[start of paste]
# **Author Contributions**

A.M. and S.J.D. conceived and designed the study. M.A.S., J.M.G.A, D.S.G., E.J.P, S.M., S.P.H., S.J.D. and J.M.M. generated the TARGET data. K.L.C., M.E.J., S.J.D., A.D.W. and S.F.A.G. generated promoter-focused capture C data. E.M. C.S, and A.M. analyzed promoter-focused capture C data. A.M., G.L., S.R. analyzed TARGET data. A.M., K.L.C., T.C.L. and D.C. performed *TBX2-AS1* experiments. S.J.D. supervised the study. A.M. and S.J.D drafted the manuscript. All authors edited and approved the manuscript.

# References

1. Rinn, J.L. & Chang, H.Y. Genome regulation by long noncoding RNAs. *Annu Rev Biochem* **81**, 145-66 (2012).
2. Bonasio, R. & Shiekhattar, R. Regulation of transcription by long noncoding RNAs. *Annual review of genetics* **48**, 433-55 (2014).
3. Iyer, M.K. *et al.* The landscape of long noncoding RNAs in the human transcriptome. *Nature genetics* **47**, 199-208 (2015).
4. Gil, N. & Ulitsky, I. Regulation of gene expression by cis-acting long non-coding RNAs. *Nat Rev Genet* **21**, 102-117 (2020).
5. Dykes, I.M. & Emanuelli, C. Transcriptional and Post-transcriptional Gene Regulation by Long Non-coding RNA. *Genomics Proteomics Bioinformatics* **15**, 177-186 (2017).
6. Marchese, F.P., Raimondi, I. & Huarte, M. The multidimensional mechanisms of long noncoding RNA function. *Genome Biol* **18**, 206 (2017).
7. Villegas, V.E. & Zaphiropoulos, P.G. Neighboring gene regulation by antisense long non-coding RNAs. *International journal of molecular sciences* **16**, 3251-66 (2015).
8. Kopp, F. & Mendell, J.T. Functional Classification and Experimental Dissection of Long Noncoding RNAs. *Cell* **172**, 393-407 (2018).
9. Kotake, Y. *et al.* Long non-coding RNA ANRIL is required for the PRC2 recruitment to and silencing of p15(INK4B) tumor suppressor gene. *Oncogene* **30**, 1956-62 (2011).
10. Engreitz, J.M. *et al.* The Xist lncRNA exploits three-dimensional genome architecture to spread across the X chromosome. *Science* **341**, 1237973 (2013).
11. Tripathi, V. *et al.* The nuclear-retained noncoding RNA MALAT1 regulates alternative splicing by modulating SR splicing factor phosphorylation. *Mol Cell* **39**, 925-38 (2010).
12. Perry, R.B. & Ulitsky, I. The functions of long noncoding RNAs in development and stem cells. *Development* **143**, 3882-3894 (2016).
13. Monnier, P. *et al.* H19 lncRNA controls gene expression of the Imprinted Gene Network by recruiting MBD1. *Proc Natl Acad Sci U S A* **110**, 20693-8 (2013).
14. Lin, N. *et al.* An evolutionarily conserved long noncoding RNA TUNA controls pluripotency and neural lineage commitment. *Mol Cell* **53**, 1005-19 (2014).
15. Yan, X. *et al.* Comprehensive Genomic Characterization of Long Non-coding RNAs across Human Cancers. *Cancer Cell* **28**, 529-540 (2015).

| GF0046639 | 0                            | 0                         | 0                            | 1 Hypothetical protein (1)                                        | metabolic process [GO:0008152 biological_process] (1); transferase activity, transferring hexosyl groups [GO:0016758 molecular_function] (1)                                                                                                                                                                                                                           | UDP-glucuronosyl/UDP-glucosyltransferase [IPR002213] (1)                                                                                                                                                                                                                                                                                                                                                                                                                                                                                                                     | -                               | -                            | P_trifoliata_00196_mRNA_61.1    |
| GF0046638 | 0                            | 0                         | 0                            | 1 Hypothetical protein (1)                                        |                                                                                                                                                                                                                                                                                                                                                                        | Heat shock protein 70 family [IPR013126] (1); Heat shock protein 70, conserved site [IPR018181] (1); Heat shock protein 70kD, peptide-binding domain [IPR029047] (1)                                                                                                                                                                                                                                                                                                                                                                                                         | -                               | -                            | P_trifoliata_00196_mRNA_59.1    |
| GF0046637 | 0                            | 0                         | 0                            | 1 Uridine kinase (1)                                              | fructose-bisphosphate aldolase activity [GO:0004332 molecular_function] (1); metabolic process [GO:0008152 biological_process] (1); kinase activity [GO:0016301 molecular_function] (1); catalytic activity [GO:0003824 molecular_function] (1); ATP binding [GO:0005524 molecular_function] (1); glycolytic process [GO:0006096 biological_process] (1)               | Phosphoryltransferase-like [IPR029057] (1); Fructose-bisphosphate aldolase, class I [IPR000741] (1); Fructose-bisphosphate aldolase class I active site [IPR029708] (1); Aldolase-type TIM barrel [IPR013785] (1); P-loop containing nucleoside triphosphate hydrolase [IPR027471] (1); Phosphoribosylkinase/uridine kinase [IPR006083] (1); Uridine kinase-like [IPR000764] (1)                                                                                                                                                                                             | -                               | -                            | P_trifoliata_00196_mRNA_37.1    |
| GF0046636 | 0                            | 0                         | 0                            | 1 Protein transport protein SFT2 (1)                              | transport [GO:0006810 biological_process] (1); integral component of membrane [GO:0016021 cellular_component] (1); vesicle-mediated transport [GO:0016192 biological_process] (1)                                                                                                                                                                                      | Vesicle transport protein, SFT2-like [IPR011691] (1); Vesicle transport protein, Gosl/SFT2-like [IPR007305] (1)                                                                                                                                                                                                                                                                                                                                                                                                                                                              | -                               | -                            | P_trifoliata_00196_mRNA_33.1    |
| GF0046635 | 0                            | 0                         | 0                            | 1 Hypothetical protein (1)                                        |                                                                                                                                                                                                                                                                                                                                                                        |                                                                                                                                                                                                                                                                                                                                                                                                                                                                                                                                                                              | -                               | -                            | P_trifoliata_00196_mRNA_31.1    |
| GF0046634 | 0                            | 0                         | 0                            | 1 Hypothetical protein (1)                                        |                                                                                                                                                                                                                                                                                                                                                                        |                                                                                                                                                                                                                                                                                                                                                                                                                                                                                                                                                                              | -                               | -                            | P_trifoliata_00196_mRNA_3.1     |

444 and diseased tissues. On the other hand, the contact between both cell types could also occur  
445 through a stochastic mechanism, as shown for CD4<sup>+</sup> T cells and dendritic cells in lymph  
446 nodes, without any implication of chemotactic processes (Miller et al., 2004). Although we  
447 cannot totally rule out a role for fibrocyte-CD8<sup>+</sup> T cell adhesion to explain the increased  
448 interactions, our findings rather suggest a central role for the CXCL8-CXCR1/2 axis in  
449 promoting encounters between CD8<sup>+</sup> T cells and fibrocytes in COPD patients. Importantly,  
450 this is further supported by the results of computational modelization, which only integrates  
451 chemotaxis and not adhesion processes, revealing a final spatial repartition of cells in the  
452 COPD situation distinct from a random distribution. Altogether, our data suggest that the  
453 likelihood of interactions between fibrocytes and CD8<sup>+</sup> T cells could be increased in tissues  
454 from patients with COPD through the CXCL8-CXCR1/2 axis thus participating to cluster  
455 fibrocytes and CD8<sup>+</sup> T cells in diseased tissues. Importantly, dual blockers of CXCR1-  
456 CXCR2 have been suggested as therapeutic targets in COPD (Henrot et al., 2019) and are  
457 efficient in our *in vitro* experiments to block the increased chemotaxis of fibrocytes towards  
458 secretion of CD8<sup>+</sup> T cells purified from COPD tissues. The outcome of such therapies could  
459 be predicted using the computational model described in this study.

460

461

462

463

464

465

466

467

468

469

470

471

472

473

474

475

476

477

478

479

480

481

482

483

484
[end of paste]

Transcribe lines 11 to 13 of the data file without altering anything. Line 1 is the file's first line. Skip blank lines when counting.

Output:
8. Kopp, F. & Mendell, J.T. Functional Classification and Experimental Dissection of Long Noncoding RNAs. *Cell* **172**, 393-407 (2018).
9. Kotake, Y. *et al.* Long non-coding RNA ANRIL is required for the PRC2 recruitment to and silencing of p15(INK4B) tumor suppressor gene. *Oncogene* **30**, 1956-62 (2011).
10. Engreitz, J.M. *et al.* The Xist lncRNA exploits three-dimensional genome architecture to spread across the X chromosome. *Science* **341**, 1237973 (2013).